MPs have voted against an amendment which would have guaranteed family reunion rights for unaccompanied child refugees.
The Bill seeks to end the EU’s freedom of movement rules in the UK and was approved by 342 votes to 248.
It’s part of the Government’s move towards a new points-based immigration system, to be introduced from 2021.
But concerns over unaccompanied child refugees and indefinite detention for migrants held at immigration centres highlight the battles ahead for the Government when the Bill is considered by peers in the House of Lords.
Despite losing by a majority of 77 votes, Ms Cooper’s amendment on child refugees attracted cross-party support from some Conservative MPs, including former children’s minister Tim Loughton.
He told the debate there must be a ‘clear intent’ from the Government that a scheme will be in place post-Brexit to help protect unaccompanied child refugees.
Speaking at the Bill’s report stage, Mr Loughton said: ‘We’ve had fob-offs frankly over recent years for why it wouldn’t be appropriate to put this on the face of legislation. We need a very, very clear statement and intent from the Government today that there will be a scheme in operation on January 1.
‘I know it depends on the negotiations but we can also put in place, if all else fails, our own scheme which is at least as good as (the Dublin Regulation) and that is what this amendment is actually trying to achieve.’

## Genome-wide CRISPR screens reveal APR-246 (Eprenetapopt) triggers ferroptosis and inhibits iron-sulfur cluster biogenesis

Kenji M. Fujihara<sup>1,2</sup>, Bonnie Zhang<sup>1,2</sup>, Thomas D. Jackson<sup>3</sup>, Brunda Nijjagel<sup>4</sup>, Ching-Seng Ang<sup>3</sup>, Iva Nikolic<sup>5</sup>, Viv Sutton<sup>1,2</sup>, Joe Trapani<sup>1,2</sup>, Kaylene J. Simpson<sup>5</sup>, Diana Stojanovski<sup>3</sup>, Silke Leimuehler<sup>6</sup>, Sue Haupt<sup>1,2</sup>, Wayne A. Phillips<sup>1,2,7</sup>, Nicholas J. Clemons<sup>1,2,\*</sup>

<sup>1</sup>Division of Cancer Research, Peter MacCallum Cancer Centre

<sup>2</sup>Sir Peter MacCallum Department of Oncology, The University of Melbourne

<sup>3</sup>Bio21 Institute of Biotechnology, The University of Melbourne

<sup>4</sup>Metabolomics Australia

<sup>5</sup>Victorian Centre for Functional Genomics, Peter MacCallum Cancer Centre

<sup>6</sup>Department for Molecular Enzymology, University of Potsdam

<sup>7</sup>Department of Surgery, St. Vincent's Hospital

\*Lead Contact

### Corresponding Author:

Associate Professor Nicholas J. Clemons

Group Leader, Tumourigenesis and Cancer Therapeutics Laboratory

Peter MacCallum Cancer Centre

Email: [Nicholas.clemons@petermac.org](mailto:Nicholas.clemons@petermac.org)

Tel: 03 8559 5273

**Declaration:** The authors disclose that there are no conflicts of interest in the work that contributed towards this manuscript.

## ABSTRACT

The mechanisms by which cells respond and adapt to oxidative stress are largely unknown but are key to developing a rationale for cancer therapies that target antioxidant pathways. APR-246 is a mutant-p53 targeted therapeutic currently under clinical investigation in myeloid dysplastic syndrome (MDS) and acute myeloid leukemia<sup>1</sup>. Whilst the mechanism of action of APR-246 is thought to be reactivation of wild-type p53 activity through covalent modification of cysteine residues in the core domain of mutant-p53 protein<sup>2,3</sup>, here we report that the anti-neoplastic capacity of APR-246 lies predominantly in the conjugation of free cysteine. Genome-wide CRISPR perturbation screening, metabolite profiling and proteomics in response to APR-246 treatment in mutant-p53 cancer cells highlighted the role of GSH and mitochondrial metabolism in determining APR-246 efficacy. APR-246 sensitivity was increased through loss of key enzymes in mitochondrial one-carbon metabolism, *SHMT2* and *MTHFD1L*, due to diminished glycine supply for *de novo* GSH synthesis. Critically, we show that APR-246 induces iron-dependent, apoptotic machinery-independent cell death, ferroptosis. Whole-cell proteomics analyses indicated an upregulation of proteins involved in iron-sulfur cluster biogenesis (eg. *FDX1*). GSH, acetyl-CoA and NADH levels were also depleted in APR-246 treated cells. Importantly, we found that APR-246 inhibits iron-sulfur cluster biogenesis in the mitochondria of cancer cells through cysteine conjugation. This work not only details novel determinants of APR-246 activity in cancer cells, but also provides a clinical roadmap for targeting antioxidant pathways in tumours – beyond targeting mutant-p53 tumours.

Mr Loughton added: ‘We have a great record so why on earth would we not want to make sure we continue that great record for some of the most vulnerable children fleeing from danger that we’ve been able to afford a safe and legal passage to join relatives in the United Kingdom?
‘That’s what this amendment asks for. We really have got to do better because I can’t understand it, my constituents won’t understand it, if we fail to give that strong commitment that we continue in this country to want to do the best by those really vulnerable children.’
Conservative former cabinet minister David Davis also offered his support, noting ‘as an ex-Brexit secretary I see no reason whatsoever to wait on negotiation’ to take action on the amendments proposed.
Ms Cooper added: ‘Desperate young people have already lost their lives, we should not turn our backs on them now, we need to sustain those safe and legal routes.’
Home Office minister Kevin Foster said the Government is ‘committed to the principle of family reunion and supporting vulnerable children’.
He told the Commons: ‘We recognise families can become separated because of the nature of conflict and persecution and the speed and manner in which people are often forced to flee their country.
‘However, proposed new clause 29 does not recognise the current routes available for reuniting families or the negotiations we are perusing with the EU on new reciprocal arrangements for the family reunion of unaccompanied asylum seeking children in either the UK or the EU as set out in the draft legal text.’
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